If a change agent is what his colleagues want, on the other hand, Chaffetz has a backstory that more than fits the bill — though perhaps in ways that may leave some on the far right scratching their heads.
He was born Jewish but converted to Mormonism at Brigham Young University, where he also shifted his athletic focus from soccer to football (and became a renowned place kicker).
More important than those biographical curiosities, he also identified in his youth as a liberal Democrat — going so far as to be Utah co-chairman of the Michael Dukakis presidential campaign in 1988, when he was a college senior. (One rationale was familial: His dad’s first wife was Kitty Dickson, and after their divorce she married the Massachusetts governor; the congressman remains close to his half-brother from that earlier marriage.)
After switching to the GOP in 1990 — inspired, he says, by meeting Ronald Reagan — he worked more than a decade for Nu Skin Enterprises, mostly as a spokesman, and later formed a corporate communications and marketing firm with another brother.
But Chaffetz became a political professional a dozen years ago — right after his application to join the Secret Service was turned down, as the world has learned in recent days thanks to the exposure of a ham-handed agency leak.
Since then, he’s looked for advancement by aligning himself with icons of the establishment much more often than the outsiders.
His most consequential insurgent move, before launching the challenge to his longtime ally McCarthy, was how he got to Congress: He ran to the right of one of the most conservative House members, Chris Cannon, and defeated him for the 2008 Republican nomination.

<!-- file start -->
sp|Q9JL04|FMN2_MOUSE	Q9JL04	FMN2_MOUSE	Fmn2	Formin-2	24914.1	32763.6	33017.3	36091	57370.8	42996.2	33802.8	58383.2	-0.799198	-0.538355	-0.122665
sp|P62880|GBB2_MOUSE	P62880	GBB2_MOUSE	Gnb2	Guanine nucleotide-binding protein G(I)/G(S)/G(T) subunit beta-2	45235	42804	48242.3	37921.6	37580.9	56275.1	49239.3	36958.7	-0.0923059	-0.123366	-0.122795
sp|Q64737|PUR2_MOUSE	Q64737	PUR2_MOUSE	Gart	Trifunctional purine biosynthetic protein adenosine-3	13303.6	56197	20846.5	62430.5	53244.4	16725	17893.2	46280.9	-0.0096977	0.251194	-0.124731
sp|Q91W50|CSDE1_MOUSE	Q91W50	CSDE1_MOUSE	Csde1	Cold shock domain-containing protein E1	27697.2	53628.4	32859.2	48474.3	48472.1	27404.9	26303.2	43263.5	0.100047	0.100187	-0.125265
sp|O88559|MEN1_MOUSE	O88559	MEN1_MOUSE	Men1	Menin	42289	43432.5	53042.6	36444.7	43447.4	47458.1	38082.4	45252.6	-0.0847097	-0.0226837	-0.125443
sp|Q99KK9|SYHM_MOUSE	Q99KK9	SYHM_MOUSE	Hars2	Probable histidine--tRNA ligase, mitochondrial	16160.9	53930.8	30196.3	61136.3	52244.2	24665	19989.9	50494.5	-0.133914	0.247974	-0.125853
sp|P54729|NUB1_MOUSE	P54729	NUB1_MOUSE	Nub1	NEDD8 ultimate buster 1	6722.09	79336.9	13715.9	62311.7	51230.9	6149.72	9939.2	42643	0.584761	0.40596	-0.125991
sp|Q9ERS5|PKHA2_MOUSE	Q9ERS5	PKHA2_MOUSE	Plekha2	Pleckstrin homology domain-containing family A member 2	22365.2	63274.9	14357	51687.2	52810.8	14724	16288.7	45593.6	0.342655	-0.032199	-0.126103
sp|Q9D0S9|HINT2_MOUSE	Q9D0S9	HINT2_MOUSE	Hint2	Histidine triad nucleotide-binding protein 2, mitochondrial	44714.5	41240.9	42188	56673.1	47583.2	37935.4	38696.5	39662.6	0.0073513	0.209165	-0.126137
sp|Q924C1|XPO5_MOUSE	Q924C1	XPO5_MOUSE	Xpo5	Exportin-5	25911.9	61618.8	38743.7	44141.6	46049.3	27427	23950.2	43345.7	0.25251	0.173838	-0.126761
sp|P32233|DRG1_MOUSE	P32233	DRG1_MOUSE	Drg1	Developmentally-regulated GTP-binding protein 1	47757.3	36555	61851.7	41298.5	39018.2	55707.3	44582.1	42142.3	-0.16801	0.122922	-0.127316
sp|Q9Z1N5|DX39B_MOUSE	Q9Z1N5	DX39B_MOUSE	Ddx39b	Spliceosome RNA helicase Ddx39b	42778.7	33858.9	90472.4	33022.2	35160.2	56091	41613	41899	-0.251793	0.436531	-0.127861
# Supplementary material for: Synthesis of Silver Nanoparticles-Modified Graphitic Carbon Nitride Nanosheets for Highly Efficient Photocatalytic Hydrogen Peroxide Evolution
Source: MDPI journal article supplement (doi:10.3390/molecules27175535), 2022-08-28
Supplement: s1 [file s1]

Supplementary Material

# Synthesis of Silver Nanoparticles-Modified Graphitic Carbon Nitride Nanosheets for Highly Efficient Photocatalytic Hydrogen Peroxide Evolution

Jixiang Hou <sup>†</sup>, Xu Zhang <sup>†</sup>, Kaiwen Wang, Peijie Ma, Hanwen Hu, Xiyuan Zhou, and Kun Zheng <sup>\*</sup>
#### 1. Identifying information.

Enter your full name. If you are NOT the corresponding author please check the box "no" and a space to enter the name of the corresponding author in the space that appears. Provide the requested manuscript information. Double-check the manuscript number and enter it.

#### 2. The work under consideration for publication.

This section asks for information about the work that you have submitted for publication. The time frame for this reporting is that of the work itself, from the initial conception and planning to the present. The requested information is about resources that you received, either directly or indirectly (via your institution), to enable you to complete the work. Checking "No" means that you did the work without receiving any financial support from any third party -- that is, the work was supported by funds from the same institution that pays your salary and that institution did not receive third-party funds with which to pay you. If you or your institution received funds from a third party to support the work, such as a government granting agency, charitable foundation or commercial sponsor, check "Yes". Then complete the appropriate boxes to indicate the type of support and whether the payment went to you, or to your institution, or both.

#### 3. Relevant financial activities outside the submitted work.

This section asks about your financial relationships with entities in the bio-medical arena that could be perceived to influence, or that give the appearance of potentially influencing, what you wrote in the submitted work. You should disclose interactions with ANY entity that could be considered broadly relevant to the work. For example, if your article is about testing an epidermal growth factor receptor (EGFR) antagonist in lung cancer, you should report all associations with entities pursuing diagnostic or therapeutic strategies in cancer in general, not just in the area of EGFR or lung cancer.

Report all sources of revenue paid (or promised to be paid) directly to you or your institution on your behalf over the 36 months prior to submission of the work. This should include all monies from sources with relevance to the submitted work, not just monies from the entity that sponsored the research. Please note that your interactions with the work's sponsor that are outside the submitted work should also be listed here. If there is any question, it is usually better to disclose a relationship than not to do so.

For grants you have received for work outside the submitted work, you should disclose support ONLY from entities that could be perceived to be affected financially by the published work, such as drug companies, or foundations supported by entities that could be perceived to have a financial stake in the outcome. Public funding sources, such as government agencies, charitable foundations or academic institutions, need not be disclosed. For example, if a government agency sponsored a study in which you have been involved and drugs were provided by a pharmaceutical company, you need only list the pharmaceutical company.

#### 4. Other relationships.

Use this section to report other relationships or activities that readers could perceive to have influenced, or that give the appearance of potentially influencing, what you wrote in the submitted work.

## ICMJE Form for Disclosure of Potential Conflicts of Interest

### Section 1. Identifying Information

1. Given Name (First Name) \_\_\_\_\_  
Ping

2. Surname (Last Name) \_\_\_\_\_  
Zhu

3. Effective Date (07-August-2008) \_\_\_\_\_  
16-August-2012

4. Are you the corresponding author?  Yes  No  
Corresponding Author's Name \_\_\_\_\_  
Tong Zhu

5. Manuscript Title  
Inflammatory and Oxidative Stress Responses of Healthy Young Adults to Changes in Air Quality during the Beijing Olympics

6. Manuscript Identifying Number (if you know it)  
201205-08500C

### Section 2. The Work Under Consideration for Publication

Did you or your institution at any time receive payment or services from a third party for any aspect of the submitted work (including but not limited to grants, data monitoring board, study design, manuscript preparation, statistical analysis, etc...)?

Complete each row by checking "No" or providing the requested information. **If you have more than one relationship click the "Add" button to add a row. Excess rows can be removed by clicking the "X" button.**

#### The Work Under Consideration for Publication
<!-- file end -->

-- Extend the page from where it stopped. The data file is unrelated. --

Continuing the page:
But before that, he was spokesman and then campaign manager for Jon Huntsman’s Utah gubernatorial campaign, and when Huntsman won in 2004 he named Chaffetz chief of staff. In 2012, the congressman threw himself into Mitt Romney’s presidential campaign, performing highly visible work as a surrogate and spin doctor and letting it be known he was ready to leave Congress to become White House chief of staff. When that was no longer a possibility, he started playing the inside game to chair either the Oversight and Government Reform or Budget committees, while expressing eventual interest in becoming governor or senator.
He even sought to help Boehner enforce party discipline this year, moving early in his chairmanship to take a subcommittee gavel away from rebellious GOP Rep. Mark Meadows of North Carolina. The punishment ended up getting abandoned in the face of an even bigger conservative uprising.
The incident, he told reporters Monday, was an “important lesson to me that you’re not going to break knuckles to build unity.”
And that’s a lesson he is looking to apply over the long haul. Starting to run for the top job now, he said, goes way beyond reaping a bit more limelight: “I’ve got plenty of ego, but I also get plenty of publicity. I don’t need any more.”
Matt Fuller contributed to this report.